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Gov. Greg Abbott and local officials are fighting several legal battles over mask mandates. Here’s what you need to know.
Texas Gov. Greg Abbott is locked in several pitched legal battles with cities, counties and school districts over their bids to require masks in public schools.
In a May executive order, Abbott banned local governments from requiring people to wear masks.
But as the highly contagious delta variant of COVID-19 spread across Texas and the state's vaccination rate stagnated, several public school and local government officials grew uneasy with Abbott's order — particularly as schoolchildren too young to get vaccinated returned to classrooms.
Some local officials defied Abbott and issued mask mandates for schools anyway. Others sued the state over Abbott's order. As dozens of ensuing legal battles continue playing out, Texas parents have found themselves caught in confusion about whether their children have to mask up at school.
Which local governments are suing the state?
Sept. 20, 2021 at 9:36 a.m.
When it became clear Abbott wasn't going to reverse his ban on mask mandates, a slew of school districts, cities and counties sued Abbott to enact their own mandates. Others simply ignored Abbott's order and put mask-wearing rules in place anyway.
Here is a non-comprehensive list of the many entities that have sued Abbott:
- Aldine Independent School District
- Austin Community College
- Austin Independent School District
- Ben Bolt-Palito Blanco Independent School District
- Bexar County
- Brownsville Independent School District
- City of El Paso
- City of San Antonio
- Crowley Independent School District
- Dallas College
- Dallas County
- Dallas Independent School District
- DeSoto Independent School District
- Edcouch-Elsa Independent School District
- Edinburg Consolidated Independent School District
- El Paso Independent School District
- Fort Bend County
- Fort Bend Independent School District
- Fort Worth Independent School District
- Harris County
- Hidalgo Independent School District
- Houston Independent School District
- La Joya Independent School District
- Lancaster Independent School District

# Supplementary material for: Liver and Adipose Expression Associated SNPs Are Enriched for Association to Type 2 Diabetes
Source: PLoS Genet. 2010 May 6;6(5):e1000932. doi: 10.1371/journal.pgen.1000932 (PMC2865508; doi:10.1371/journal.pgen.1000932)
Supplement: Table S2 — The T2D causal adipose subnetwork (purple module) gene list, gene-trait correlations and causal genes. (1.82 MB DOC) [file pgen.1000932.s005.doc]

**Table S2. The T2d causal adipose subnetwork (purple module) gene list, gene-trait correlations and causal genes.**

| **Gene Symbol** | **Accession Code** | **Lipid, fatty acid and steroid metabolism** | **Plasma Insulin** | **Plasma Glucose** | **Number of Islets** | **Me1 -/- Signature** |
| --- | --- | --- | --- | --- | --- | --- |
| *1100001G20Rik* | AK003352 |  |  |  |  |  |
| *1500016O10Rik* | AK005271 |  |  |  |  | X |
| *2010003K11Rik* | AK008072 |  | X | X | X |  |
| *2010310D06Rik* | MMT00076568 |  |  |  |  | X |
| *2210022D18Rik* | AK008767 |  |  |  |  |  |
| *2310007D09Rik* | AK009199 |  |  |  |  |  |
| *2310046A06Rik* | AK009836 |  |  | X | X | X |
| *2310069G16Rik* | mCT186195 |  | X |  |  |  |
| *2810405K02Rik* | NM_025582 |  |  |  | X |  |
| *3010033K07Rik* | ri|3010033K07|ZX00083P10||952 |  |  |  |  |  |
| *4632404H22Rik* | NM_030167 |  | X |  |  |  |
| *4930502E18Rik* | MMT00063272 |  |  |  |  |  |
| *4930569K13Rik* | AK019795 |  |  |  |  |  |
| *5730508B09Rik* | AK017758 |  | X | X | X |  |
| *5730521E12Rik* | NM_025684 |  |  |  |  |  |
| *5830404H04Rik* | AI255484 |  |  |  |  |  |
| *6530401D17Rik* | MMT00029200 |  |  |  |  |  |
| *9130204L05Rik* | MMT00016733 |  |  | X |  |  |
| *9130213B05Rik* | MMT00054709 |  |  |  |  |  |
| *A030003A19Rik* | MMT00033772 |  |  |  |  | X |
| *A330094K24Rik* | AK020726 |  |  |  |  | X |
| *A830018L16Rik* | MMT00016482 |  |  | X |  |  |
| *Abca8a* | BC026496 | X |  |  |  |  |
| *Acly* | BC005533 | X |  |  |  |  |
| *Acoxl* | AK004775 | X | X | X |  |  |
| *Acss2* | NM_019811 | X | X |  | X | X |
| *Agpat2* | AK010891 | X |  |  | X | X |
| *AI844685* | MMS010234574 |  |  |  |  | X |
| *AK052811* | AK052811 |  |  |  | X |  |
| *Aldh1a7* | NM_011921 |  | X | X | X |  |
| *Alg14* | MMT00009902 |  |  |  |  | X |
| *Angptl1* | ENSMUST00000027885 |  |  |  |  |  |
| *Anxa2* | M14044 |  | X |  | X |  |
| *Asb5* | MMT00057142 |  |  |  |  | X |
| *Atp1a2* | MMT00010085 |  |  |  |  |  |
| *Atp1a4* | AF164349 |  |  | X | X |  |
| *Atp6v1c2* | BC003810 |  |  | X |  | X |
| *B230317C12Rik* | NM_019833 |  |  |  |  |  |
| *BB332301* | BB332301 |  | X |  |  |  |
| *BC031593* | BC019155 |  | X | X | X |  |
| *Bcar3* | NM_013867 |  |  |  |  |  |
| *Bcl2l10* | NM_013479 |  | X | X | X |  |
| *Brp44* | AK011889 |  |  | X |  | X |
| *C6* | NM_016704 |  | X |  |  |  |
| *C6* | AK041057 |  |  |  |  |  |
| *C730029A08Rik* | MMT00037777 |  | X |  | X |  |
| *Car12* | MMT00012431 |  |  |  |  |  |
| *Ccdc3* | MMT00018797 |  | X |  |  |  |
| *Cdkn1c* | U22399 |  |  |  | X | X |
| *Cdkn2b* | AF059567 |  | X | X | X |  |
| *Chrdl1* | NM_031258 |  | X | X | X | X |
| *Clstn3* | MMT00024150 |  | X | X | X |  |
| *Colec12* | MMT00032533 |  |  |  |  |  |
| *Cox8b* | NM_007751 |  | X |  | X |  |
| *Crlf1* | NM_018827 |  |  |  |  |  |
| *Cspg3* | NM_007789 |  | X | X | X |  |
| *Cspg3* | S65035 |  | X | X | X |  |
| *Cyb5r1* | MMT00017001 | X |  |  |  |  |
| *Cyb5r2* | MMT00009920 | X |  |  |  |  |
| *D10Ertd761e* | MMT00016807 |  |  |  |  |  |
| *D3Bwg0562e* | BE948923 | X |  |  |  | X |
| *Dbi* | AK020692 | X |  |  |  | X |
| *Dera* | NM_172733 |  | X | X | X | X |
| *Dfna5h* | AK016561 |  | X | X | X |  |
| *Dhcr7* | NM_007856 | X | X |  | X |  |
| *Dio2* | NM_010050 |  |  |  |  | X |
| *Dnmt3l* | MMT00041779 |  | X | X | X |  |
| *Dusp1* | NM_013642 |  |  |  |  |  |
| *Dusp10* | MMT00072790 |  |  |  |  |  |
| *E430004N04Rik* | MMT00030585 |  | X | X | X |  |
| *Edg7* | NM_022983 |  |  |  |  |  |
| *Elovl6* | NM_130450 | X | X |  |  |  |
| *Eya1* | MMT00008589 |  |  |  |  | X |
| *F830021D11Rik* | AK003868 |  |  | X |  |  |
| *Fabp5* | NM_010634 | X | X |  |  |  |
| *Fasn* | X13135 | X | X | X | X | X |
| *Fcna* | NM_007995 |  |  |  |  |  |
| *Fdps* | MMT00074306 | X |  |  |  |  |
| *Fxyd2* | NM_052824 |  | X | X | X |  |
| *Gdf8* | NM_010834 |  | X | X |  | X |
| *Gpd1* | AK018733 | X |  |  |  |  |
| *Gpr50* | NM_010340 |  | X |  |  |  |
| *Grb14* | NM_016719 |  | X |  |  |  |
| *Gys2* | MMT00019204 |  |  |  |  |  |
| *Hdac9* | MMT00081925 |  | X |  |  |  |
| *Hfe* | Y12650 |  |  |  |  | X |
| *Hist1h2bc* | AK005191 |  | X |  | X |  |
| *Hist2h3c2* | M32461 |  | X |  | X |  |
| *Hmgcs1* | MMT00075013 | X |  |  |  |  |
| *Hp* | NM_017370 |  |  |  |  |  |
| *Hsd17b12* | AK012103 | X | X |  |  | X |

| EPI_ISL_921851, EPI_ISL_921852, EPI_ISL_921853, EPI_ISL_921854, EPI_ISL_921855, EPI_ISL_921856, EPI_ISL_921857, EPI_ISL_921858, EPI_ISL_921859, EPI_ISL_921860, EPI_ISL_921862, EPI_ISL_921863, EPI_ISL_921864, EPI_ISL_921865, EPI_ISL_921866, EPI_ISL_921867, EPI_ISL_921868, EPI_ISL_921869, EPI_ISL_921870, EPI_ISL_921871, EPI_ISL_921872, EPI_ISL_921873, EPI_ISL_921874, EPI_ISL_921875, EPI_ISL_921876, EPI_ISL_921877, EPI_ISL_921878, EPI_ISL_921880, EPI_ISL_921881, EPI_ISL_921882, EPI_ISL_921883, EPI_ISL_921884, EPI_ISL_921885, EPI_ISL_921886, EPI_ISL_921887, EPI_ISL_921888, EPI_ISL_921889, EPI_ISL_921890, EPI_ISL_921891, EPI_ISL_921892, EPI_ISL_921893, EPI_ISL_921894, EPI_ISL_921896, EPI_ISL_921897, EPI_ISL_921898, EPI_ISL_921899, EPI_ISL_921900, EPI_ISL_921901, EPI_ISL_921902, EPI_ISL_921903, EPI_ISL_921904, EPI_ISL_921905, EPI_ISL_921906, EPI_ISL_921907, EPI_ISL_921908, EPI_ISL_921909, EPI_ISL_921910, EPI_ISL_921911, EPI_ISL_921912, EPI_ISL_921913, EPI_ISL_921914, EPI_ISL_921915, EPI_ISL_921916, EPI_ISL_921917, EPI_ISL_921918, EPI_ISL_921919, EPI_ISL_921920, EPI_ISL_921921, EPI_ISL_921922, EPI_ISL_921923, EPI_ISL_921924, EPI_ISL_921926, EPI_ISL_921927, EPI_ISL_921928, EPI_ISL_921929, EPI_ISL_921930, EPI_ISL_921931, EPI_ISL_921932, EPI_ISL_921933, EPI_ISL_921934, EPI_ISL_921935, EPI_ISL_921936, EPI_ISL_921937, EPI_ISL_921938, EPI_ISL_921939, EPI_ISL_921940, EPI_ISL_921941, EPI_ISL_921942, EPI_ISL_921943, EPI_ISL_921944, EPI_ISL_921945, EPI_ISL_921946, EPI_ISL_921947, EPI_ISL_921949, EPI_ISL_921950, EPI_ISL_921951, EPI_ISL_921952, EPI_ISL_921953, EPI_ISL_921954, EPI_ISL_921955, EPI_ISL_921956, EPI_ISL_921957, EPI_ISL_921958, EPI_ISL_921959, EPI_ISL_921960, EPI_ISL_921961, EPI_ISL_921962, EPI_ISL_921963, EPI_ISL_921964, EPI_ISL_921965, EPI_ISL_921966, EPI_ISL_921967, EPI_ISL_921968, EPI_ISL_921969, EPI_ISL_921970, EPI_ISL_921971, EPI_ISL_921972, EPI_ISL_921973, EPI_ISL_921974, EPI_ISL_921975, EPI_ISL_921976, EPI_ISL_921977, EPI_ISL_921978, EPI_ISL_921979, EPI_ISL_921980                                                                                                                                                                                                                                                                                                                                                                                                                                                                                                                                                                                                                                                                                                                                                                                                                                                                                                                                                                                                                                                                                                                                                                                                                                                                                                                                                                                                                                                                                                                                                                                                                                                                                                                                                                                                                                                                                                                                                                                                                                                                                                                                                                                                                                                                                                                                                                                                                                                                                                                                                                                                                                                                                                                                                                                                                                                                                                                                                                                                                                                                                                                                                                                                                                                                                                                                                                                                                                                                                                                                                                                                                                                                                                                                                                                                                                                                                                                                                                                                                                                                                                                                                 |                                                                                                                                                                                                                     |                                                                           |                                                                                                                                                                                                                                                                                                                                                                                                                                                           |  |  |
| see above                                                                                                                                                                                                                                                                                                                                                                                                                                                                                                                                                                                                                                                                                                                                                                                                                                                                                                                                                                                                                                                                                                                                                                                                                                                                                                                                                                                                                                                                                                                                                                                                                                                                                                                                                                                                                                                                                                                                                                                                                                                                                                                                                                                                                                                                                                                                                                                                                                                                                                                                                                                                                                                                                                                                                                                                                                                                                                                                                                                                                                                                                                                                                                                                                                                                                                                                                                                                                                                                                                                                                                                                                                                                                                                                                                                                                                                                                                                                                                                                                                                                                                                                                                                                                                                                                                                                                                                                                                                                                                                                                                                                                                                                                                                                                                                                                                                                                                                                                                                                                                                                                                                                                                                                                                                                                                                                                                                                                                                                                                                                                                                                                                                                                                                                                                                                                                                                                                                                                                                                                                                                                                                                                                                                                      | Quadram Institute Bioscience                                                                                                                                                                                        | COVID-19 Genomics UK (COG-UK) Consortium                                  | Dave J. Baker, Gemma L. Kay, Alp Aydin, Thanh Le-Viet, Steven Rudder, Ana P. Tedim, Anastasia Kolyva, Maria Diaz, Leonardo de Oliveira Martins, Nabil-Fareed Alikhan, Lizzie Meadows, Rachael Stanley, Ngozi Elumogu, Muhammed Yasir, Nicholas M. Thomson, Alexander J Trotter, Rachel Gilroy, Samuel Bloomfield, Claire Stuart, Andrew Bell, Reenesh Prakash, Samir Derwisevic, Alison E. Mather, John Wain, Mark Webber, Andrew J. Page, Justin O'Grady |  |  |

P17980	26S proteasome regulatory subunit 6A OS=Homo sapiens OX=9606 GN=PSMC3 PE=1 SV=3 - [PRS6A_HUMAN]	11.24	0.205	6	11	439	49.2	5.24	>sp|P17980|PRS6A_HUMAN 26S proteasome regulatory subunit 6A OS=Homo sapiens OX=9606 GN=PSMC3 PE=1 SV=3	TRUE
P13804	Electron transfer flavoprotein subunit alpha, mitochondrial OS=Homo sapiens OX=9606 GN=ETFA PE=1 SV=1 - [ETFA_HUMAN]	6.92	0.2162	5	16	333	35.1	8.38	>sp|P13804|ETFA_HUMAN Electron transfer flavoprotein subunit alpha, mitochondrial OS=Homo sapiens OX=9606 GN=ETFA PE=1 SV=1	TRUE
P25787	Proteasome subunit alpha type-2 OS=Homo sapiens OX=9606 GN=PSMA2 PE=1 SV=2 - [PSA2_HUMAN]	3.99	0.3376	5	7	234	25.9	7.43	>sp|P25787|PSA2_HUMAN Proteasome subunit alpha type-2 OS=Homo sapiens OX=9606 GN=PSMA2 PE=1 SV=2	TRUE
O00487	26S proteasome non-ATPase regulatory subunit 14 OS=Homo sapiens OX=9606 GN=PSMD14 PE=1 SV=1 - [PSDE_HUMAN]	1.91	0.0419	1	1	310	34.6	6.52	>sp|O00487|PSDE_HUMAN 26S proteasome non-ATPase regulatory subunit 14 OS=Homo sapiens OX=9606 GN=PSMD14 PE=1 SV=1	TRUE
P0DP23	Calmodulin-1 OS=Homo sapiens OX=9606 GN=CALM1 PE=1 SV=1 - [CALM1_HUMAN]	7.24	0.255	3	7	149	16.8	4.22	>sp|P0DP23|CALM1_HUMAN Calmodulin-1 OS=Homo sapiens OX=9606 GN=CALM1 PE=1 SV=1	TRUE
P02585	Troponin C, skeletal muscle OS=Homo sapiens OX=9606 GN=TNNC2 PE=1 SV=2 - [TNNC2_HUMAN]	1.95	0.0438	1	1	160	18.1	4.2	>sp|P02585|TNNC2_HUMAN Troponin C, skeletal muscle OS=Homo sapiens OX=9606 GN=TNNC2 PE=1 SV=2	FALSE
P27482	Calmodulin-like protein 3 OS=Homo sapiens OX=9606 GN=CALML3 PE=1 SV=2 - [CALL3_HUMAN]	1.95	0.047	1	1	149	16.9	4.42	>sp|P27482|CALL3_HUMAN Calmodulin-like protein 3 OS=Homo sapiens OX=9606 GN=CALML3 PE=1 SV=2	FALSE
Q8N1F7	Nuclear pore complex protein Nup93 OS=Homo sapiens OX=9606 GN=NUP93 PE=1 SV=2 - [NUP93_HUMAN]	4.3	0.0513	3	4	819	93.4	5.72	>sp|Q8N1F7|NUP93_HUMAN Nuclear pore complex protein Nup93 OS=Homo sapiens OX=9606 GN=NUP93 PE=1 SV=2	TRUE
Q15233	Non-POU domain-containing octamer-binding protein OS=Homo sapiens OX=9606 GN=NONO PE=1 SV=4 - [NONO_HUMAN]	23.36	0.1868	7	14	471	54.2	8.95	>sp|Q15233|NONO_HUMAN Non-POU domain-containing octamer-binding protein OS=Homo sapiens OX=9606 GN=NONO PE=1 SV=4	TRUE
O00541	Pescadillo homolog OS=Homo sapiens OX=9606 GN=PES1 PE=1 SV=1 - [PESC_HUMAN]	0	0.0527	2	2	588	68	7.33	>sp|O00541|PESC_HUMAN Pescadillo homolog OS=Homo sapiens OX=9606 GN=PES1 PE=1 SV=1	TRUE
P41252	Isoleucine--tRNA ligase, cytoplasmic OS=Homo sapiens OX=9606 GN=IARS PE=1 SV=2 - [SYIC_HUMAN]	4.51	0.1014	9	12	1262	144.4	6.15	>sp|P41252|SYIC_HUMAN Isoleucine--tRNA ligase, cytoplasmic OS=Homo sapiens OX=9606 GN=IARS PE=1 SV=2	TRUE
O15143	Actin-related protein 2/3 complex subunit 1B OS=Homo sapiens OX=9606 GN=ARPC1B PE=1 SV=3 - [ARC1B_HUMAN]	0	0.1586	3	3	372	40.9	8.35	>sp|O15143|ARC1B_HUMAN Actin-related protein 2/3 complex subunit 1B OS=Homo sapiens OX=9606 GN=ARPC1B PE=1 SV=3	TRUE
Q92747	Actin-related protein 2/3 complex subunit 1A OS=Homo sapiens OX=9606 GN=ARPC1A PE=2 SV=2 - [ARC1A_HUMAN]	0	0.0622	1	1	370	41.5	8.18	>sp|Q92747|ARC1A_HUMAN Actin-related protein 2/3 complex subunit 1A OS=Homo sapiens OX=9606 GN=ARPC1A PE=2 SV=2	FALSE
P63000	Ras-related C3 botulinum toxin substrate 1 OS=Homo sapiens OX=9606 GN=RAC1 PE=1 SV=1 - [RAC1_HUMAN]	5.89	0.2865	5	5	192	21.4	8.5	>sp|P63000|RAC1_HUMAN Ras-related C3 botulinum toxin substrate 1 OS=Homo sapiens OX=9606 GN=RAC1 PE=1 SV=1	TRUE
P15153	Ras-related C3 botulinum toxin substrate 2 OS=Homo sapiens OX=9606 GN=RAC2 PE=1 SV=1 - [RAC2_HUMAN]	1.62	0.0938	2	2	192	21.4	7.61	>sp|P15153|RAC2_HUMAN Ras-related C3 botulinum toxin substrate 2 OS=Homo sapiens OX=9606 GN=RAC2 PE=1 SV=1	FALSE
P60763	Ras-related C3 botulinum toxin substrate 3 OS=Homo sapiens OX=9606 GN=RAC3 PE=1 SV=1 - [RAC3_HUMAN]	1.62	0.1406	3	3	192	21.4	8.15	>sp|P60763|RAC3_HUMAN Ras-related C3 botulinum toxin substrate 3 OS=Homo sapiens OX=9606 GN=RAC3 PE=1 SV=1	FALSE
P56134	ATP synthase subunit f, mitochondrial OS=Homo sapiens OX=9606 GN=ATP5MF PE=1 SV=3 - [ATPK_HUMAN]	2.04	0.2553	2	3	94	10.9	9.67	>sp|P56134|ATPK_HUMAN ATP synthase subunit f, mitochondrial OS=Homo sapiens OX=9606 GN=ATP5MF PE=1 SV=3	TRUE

- Lasara Independent School District
- Northside Independent School District
- Pharr-San Juan-Alamo Independent School District
- Spring Independent School District
- Travis County
Which school districts are being sued by the state?
Sept. 20, 2021 at 9:35 a.m.
After Abbott and Attorney General Ken Paxton threatened for weeks to sue those defying Abbott's order, they made good on their promise in September. Paxton has sued a number of school districts for allegedly flouting Abbott's ban:
- Diboll Independent School District
- Elgin Independent School District
- Galveston Independent School District
- Honey Grove Independent School District
- La Vega Independent School District
- Longview Independent School District
- Lufkin Independent School District
- McGregor Independent School District
- Midway Independent School District
- Paris Independent School District
- Richardson Independent School District
- Round Rock Independent School District
- Sherman Independent School District
- Spring Independent School District
- Waco Independent School District
Which side is winning in court?
Sept. 20, 2021 at 9:33 a.m.
That depends on the lawsuit and the court.
Often, local officials find favor with lower court judges who block Abbott's order and allow locals to enact mask mandates — though some of those judges have sided against mask mandates. The state Supreme Court has temporarily overturned some of those mandates — only for a lower court judge to reinstate them and start the legal churn all over again.
That legal back-and-forth has led to a confusing patchwork of mask mandates across the state.
How do I know what the rules are in my school district?
Sept. 20, 2021 at 9:35 a.m.
Because each Texas school district makes its own rules — and decides whether to abide by Abbott's ban or flout it — there is no one statewide policy in place. Plus, the ongoing legal battles have spurred orders from courts at all levels that quickly change what rules are in place. The best way to know your local rules are to check with your school district.
Not all districts being sued have mask mandates
Sept. 20, 2021 at 9:34 a.m.
Midway Independent School District near Waco doesn't require students, teachers, school staff or visitors to wear masks while on school premises. Nonetheless, the district wound up on a list compiled by the attorney general's office of school districts and counties that have made mask-wearing compulsory — and in court with Paxton.